His future in Seattle was of particular importance to Brooklyn-born Wilkens because of his newly developed love for the woods and open spaces in the Northwest. For the first time in his pro career he had bought a house not for its resale value but for its hominess. He and his wife Marilyn had decided this was the place they wanted to live and raise their three children.
When Nissalke, last season's ABA Coach of the Year at Dallas, came to Seattle with a three-year contract, he decided the Sonics would not become title contenders for several more seasons. He surmised that Wilkens, who at 35 is the oldest starting guard in the NBA, would be too elderly by then and he thought he had the full support of management when he traded Lenny as part of a long-term youth movement.
Had he looked hard at his franchise's previous efforts to improve, Nissalke might have been less surprised when he was fired three months into the season. While other teams patiently attempted to upgrade through drafts and trades, the Sonics had tried to buy a championship out of the ABA, even though NBA rules prohibit the tactics of Seattle Owner Sam Schulman. He took his own league to court and won. Of the three former ABA All-Stars on the Sonic roster, only Haywood has been a success. Center Jim McDaniels remains a high-priced substitute and Forward John Brisker, in addition to playing poorly, has been a discipline problem. The agent retained by all three to hustle them out of the ABA is Al Ross of Los Angeles, a man who reportedly tries to take a hand in the management and coaching of the teams for which his players perform. Seattle and Phoenix, the two NBA clubs that have signed former ABA players advised by Ross (the Suns have Charlie Scott), are the teams that have failed most dramatically to live up to expectations.
On the day the trade was made, Lenny was off playing golf. The Sonic front office called Marilyn Wilkens and told her of the deal only five minutes before a relative from New York phoned to say he had heard the news over the radio. Summoned home from the practice green, Lenny was shocked by the trade, dismayed by the prospect of playing for a club as poor as Cleveland and upset because he thought he had been judged over-the-hill.
"It was like they had said, 'We don't want you. You're worn out and of no use to us anymore. You're a piece of baggage,' " Wilkens said recently. "I felt justified in thinking that I had helped a lot in developing that franchise, but I guess they didn't consider things like that. I wanted security and I got the feeling that I finally had it. I forgot for a moment that no athlete in professional sport is secure. Then I really got depressed wondering if they thought I couldn't play anymore."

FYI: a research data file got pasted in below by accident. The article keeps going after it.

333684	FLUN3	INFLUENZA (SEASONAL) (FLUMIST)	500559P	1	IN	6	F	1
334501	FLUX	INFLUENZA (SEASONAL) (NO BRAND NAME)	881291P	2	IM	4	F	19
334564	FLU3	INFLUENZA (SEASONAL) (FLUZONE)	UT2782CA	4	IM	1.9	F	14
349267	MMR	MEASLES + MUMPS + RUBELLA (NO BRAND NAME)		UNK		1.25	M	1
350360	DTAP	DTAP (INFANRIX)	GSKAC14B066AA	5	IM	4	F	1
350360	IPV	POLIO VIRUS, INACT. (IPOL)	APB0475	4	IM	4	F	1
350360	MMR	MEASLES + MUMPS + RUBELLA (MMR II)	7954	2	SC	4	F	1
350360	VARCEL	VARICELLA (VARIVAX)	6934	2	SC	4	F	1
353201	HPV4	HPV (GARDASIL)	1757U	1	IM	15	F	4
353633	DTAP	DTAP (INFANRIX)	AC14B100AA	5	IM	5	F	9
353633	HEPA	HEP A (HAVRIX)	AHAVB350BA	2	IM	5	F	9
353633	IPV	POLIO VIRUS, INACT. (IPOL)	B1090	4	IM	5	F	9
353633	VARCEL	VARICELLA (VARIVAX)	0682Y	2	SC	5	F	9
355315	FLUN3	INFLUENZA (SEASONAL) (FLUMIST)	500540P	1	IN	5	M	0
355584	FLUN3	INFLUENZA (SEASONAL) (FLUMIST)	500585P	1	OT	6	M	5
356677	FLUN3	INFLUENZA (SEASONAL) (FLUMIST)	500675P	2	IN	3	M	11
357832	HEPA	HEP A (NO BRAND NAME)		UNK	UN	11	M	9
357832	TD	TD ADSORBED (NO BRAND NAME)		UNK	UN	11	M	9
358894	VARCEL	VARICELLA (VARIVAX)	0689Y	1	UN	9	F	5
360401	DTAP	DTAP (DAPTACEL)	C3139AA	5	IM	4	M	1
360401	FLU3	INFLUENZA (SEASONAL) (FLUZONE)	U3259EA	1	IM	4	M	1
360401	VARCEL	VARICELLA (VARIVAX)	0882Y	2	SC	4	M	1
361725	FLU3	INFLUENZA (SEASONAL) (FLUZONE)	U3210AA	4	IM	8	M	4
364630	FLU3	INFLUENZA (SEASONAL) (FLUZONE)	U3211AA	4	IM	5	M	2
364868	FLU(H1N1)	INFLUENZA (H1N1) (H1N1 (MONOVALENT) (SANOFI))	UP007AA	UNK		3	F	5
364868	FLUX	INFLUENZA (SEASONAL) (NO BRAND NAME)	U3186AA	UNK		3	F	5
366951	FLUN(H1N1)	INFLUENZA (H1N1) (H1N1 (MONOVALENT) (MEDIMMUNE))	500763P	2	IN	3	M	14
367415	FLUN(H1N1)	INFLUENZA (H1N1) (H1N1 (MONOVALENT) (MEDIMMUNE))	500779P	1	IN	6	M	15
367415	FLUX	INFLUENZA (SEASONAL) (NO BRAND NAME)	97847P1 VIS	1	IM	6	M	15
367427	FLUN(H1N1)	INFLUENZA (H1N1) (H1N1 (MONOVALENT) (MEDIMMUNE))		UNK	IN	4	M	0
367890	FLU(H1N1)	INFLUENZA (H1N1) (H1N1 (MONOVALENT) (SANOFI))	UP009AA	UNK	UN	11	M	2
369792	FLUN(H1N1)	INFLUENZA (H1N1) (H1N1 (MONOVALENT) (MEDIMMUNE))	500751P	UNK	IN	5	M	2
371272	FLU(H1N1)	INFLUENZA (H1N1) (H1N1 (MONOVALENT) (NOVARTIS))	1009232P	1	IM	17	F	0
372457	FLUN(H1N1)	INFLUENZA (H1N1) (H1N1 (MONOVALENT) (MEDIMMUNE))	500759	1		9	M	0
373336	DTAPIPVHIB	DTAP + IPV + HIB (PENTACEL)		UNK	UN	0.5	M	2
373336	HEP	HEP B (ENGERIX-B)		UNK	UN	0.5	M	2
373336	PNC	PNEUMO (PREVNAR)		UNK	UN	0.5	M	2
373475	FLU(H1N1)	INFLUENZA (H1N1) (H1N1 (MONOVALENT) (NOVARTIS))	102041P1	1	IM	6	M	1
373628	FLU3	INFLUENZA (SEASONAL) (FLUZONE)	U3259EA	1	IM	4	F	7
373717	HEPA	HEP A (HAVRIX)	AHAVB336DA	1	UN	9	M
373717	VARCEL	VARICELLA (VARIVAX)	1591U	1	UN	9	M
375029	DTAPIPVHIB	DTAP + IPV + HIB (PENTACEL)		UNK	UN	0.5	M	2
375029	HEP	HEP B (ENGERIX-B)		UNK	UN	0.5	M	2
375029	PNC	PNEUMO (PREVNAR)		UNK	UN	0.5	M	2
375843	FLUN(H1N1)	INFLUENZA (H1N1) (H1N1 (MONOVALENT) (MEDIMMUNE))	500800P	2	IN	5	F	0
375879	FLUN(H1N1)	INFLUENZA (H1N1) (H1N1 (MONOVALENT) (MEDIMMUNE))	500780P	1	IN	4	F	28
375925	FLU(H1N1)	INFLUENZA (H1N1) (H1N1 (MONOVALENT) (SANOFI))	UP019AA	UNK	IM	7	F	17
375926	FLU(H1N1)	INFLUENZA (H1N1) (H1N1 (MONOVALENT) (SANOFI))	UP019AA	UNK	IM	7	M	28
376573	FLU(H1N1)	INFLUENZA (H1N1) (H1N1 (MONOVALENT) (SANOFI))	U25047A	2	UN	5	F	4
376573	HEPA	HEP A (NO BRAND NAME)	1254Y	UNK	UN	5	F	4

The Seattle fans saw nothing wrong with his ability. On the day of the trade a man threatened Nissalke's life, and 200 others signed a petition headed, "If Lenny Goes, I Stay Home." Wilkens has a large packing carton full of sympathetic letters, which he is keeping as a memento of the public's loyalty.
At first Wilkens refused to join the Cavaliers, but when he finally did—after the team had an 0-6 record to start the season—it set the stage for a triumphant return to his old home floor. The second-largest crowd in Seattle's history, 13,174, turned out to give him a three-minute standing ovation, to boo the home team and to roundly cheer the Cavaliers as they won 113-107. It was the first time Cleveland had ever defeated the Sonics, and it began a trend. The Cavs have won three of four against Seattle this season and have a better overall record.
All of which would be a particular source of delight for Wilkens if he were a vindictive man. "I can't feel happy about what's happened to the Sonics," he says. "I have too many old friends on that team. Besides, I'm not that kind of person and I hope I never become one. I guess an old tiger like me just doesn't change his stripes." Or his style for that matter. In a recent win at Detroit the score was tied 104-104 with 28 seconds to play and Cleveland in control of the ball. Time had almost expired on the shot clock as Forward Barry Clemens, who was a throw-in in the trade that brought Wilkens to the team, dribbled near the foul line. Lenny's man was playing him far to his left, a wise strategy until late in games when Wilkens always seems to unveil his right hand for the first time. A quick fake to the left, an even quicker dart to his right toward the basket and a nifty bounce pass from Clemens resulted in an easy, right-handed lay up and a 106-104 win.
As they say in the NBA, a very professional move.